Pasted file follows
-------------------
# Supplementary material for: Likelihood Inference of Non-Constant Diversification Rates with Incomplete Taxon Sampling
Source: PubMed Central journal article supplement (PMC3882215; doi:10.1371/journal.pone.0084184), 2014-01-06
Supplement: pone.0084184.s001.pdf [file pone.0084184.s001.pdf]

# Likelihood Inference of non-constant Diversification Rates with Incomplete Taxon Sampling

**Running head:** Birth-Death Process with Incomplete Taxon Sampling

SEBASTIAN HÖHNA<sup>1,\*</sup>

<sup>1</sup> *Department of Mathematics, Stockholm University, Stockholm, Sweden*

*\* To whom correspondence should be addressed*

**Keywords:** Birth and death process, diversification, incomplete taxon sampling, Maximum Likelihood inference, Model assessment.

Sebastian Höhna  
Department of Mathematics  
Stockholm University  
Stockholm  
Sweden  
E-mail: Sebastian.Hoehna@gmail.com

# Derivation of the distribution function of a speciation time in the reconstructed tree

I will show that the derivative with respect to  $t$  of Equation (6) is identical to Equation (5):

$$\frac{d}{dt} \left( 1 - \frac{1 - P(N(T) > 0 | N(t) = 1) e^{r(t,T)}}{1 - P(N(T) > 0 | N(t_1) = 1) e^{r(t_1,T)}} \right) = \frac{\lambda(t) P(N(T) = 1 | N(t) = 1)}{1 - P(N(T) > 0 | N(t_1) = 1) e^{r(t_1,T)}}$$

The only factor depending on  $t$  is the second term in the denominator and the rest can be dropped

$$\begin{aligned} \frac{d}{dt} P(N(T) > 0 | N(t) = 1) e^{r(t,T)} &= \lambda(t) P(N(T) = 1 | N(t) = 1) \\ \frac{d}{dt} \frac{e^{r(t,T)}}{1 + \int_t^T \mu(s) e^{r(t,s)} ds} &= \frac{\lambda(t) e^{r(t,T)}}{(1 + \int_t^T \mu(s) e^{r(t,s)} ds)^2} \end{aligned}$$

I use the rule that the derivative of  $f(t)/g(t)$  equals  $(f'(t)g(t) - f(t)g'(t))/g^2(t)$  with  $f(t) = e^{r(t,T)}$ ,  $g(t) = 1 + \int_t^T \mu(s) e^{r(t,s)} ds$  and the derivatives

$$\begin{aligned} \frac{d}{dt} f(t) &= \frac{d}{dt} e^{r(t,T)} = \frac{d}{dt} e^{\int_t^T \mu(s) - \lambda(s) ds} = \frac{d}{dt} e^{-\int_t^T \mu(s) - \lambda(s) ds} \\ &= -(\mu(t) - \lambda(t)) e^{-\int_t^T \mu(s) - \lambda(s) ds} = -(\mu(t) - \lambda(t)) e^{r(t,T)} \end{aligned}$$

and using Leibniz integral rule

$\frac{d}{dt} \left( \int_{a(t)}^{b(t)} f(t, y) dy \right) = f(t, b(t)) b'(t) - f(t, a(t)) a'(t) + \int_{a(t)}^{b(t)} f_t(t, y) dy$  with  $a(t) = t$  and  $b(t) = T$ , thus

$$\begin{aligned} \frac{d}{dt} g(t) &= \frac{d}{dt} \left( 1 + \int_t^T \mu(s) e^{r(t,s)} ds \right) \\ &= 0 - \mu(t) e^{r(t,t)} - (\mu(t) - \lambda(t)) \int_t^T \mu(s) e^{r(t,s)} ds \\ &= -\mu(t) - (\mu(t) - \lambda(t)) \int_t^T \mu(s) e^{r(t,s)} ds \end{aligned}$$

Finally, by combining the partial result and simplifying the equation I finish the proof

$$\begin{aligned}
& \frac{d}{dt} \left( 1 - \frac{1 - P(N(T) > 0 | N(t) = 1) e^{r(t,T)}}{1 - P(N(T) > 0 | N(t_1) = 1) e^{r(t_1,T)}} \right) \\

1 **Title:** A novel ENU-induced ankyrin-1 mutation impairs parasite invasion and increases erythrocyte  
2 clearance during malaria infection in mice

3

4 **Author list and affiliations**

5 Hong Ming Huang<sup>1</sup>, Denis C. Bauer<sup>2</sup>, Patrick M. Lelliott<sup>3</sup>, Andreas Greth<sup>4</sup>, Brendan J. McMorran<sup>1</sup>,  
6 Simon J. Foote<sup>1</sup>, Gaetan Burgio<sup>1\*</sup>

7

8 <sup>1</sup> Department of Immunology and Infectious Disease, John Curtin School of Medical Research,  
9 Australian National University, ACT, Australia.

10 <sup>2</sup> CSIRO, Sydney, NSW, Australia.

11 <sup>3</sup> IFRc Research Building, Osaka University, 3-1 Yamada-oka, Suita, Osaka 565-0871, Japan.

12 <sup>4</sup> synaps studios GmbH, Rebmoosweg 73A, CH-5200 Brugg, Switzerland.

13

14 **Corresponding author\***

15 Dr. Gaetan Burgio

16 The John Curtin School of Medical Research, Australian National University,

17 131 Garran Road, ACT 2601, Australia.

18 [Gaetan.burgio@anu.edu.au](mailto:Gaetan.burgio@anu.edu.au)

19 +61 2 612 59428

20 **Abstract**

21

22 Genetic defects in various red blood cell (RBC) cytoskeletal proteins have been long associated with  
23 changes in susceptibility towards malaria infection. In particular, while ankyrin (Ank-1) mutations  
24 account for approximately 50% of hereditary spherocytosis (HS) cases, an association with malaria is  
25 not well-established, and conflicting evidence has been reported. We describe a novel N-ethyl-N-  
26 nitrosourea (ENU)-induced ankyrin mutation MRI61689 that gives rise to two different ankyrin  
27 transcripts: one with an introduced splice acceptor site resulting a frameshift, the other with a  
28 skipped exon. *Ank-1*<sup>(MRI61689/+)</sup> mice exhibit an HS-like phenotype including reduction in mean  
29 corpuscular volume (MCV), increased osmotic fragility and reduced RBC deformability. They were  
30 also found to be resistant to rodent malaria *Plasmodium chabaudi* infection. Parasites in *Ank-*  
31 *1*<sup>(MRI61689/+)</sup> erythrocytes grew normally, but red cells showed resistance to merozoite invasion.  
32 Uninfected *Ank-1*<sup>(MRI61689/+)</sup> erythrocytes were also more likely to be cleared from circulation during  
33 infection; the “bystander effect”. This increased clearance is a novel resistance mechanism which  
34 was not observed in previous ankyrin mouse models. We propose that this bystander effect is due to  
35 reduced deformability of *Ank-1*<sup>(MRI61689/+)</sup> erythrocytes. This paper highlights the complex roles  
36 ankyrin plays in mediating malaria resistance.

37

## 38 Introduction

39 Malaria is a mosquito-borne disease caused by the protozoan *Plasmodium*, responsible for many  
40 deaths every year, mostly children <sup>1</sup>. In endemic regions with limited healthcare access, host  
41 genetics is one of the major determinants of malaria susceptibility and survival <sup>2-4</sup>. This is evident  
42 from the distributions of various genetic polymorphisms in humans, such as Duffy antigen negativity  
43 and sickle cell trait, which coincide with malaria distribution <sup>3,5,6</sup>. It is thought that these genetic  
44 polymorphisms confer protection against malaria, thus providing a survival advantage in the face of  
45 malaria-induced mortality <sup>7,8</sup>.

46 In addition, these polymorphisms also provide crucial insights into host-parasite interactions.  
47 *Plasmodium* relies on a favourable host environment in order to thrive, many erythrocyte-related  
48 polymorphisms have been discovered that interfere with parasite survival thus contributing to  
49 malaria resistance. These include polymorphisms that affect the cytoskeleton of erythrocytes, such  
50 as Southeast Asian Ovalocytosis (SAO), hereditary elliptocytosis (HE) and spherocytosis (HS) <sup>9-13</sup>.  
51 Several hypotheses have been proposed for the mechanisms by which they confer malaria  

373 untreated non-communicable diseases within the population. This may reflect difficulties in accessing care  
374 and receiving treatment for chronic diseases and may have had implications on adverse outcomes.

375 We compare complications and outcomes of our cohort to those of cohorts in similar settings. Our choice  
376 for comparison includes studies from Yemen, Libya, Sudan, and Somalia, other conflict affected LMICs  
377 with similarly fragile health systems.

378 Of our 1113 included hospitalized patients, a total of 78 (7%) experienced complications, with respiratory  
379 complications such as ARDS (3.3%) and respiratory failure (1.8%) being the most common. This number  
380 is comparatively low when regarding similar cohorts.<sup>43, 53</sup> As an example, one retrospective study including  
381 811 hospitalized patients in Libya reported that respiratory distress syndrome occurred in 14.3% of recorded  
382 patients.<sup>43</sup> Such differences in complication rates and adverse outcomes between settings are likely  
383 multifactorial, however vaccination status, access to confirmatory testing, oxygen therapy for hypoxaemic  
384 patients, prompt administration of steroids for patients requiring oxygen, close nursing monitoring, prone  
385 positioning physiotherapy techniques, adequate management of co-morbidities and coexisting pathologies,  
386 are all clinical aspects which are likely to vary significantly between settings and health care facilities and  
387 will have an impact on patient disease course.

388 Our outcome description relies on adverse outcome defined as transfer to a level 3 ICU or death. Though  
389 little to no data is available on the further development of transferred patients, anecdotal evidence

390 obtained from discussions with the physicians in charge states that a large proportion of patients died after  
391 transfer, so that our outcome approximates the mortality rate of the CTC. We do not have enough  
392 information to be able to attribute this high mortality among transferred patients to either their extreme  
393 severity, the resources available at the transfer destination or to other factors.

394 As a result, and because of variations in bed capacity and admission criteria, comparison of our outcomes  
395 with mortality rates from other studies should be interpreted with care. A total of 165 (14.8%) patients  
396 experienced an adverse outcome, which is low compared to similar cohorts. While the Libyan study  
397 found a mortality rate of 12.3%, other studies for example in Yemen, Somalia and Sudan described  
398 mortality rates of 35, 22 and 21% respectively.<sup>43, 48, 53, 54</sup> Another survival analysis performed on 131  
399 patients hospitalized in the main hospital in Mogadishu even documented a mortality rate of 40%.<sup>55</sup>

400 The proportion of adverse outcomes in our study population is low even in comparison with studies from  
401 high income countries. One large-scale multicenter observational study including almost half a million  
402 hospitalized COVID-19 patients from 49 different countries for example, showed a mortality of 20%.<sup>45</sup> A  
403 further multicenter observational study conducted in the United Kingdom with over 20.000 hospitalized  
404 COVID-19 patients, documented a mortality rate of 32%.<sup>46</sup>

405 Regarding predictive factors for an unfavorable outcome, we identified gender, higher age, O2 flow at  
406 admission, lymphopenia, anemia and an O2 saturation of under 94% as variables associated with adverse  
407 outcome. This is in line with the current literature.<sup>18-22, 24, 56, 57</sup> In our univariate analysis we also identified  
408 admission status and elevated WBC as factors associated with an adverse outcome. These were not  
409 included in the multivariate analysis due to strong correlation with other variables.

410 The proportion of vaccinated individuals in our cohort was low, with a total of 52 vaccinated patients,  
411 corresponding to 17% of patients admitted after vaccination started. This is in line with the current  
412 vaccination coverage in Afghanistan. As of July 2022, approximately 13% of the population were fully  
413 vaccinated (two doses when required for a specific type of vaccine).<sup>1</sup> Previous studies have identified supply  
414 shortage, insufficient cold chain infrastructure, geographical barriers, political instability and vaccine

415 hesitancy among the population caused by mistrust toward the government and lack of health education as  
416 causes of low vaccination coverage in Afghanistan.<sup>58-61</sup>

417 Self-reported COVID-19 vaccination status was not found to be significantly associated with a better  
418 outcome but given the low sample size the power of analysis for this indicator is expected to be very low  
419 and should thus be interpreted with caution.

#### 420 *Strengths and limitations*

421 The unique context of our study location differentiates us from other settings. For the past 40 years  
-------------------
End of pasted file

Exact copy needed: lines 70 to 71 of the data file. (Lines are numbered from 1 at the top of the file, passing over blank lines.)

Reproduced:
42 from the distributions of various genetic polymorphisms in humans, such as Duffy antigen negativity  
43 and sickle cell trait, which coincide with malaria distribution <sup>3,5,6</sup>. It is thought that these genetic  